The Housing Minister is Yvette Cooper, who sat beside her.  Ms. Cooper is also known as Mrs. Balls,  the partner of the Economic Secretary to the Treasury, Ed Balls. Mr. Balls is the close ally, aide and confident of The Clunking Fist and as such is "destined for great things". That gives Ms. Cooper a pretty good political heatshield!

Ruth Kelly is brisk, efficient and, I believe, principled. She ate most of the humble pie without choking and with a straight face (if both are simultaneously possible). She postponed the HIPS and announced that they would only apply to houses with four or more bedrooms. (What please is the difference between a "bedroom" a "computer room" a "television room" a "games room" and a "study"?)  Setting aside the obvious flaws and defects in her position Babe Ruth did a competent job and the only people for the moment left high and dry, and for whom we should feel genuine sympathy, are those few who invested their own savings in training for what they anticipated as employment as Energy Inspectors only to find that there are, for now, no such jobs.

In the same last week the Nation's Nanny, Ms. Hewitt, the Secretary of State for sickness, survived a vote of no confidence in her performance.  The survival was predictable. The sheep went baaing through the dip and Ms. Hewitt came out smelling of whatever it is that you dip sheep in. Will she survive a new Prime ministerial re-shuffle? I doubt it somehow

So there we are, having survived the long sea voyage from Dover to Calais and the hazardous dodgem track known as the peripherique.  I am sitting, glass in hand, watching young swallows engaged in flying lessons and the wretched phone rings.  It is, of course, the BBC.

The grammar school row rumbles on. My friend and colleague Graham Brady, a Shadow Minister with responsibility for Europe, a constituency full of excellent grammar schools and a Conservative (it is, sometimes these days, necessary to state what ought to be obvious) is first carpeted by the Opposition Chief Whip and then resigns his post to free him to speak out on matters of education about which he knows a very great deal.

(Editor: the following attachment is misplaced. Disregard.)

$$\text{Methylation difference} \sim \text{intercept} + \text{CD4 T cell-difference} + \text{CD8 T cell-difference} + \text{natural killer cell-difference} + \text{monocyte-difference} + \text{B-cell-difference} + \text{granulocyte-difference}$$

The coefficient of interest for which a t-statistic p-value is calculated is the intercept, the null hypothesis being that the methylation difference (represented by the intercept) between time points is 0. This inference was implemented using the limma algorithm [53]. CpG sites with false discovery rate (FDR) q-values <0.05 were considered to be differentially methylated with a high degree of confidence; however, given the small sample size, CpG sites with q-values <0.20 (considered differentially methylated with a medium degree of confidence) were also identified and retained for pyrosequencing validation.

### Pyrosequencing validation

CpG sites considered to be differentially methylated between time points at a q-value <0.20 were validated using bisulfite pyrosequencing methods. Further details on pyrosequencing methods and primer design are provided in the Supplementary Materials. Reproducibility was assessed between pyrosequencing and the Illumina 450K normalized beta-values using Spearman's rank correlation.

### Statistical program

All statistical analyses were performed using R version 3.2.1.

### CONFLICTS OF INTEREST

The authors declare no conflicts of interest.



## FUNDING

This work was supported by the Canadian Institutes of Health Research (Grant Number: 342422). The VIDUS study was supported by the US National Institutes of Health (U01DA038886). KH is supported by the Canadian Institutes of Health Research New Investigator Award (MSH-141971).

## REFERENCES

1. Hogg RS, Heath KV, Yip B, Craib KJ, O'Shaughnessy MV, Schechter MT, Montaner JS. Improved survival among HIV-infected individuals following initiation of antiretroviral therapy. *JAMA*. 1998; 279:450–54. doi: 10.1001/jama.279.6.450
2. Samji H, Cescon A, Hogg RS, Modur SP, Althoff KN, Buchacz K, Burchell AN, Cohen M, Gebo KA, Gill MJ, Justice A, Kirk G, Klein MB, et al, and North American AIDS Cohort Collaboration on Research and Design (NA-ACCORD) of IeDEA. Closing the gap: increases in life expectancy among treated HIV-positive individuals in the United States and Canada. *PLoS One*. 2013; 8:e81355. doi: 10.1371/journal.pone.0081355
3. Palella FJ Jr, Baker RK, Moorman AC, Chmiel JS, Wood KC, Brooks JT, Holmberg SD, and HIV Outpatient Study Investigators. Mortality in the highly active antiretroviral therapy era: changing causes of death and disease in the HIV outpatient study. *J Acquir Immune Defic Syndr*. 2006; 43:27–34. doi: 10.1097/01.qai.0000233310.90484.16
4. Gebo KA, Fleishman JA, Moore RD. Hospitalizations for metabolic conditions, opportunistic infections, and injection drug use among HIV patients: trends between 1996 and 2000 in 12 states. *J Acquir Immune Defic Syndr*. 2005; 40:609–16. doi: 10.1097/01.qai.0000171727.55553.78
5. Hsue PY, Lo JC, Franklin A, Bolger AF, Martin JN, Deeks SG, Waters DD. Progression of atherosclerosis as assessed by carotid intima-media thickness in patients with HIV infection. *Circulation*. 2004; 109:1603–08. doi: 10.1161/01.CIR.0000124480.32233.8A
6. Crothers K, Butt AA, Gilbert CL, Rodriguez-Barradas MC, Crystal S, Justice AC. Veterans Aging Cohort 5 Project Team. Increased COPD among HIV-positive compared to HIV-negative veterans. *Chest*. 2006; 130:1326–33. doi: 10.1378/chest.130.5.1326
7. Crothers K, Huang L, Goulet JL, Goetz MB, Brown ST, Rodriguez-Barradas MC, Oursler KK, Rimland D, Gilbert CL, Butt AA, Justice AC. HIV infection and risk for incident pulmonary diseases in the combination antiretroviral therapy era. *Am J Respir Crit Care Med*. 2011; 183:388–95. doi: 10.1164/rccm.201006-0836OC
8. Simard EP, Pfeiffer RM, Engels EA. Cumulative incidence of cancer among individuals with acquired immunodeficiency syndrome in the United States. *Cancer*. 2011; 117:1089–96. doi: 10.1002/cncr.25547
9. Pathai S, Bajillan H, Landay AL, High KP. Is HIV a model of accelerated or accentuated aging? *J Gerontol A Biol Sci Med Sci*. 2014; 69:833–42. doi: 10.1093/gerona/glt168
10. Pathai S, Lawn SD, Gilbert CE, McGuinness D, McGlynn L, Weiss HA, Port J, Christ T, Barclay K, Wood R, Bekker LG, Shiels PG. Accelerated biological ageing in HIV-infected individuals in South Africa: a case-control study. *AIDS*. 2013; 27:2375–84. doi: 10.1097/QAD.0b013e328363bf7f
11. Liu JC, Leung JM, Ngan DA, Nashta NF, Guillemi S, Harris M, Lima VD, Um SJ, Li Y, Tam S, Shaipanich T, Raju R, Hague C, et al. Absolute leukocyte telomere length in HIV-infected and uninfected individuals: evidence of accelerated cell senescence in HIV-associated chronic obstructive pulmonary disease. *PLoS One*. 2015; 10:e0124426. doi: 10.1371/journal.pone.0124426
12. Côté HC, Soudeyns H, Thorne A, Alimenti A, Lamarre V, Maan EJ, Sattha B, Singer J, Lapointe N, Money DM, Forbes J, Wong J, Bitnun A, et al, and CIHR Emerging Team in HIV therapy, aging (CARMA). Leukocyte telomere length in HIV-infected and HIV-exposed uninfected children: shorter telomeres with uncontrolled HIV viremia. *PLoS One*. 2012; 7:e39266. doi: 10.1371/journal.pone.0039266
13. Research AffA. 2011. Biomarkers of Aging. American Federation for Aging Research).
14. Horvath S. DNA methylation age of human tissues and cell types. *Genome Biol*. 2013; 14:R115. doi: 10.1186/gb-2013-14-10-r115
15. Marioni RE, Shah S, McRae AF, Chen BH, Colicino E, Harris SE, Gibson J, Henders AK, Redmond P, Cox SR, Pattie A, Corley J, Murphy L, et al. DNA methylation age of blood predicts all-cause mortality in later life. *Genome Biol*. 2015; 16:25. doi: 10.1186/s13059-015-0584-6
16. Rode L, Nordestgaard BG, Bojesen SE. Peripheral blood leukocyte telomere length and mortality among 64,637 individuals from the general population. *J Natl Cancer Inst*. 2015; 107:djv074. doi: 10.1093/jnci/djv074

Hard on the heels of this comes the publication in a local newspaper of a column penned by the Shadow Attorney General, the very highly regarded Dominic Grieve, in which he calls for Grammar Counties to be allowed to build more grammar schools to meet shifting demographic demands.  The tabloids and the wireless tell me that this leads to a flurry of communications between Conservative HQ and Young David, holidaying with his family in somewhere less Thatcherite than mid-France, and a subsequent announcement from David Willetts. Two-Brains Dave says that we can, of course, build new grammar schools to meet demographic needs in counties that adhere to selective education.  This, presumably, accepts the principle that the selective system does after all, where it still exists, enhance social mobility. So that's alright then!

As the sun sets on the Merry Month of May and the rain pours down I learn, like a member of the maquis via a wireless set racked with static, that the Shadow Chancellor, George Osborne, has reiterated the view that the  New Tory Party are the true heirs to Blair.  This is a concept that was first mooted at Blackpool in 2005 and, when its potential implications for the Leadership contest were recognised, was hurriedly suppressed.

We know precisely what Boy George means.  He means that the Conservative Party of the 21st Century is, as was the Conservative party of the 20th Century, a broad and understanding church open to all and representing the aspirations of the many and not the few. Of course it is. That's why I, for one, joined.

The problem is that we have spent the last ten years fighting Blair and all his works. We have watched the Health Service run deep into the red and staff morale decline, we have seen the creation of an anti-social culture on our streets fuelled by soaps and Big Brother House and all-day booze, we have watched as our Coppers are chained to computers and bogged down with form-filling, we have observed the dumbing-down of education, the reduction in the facilities and equipment available to our Army, our Navy and our Air force and we have mourned the loss of our constituents fighting Blair's war in Iraq.

So while Blair himself is off on safari hunting the elusive Legacybeest it hardly seems the moment  to tell us that we are his heirs!

Please God we will, at the next election, form a Conservative administration and govern wisely, fairly and honestly in the interests of the United Kingdom.  But if, in the meantime, my own name appears in Blair's will please disinherit me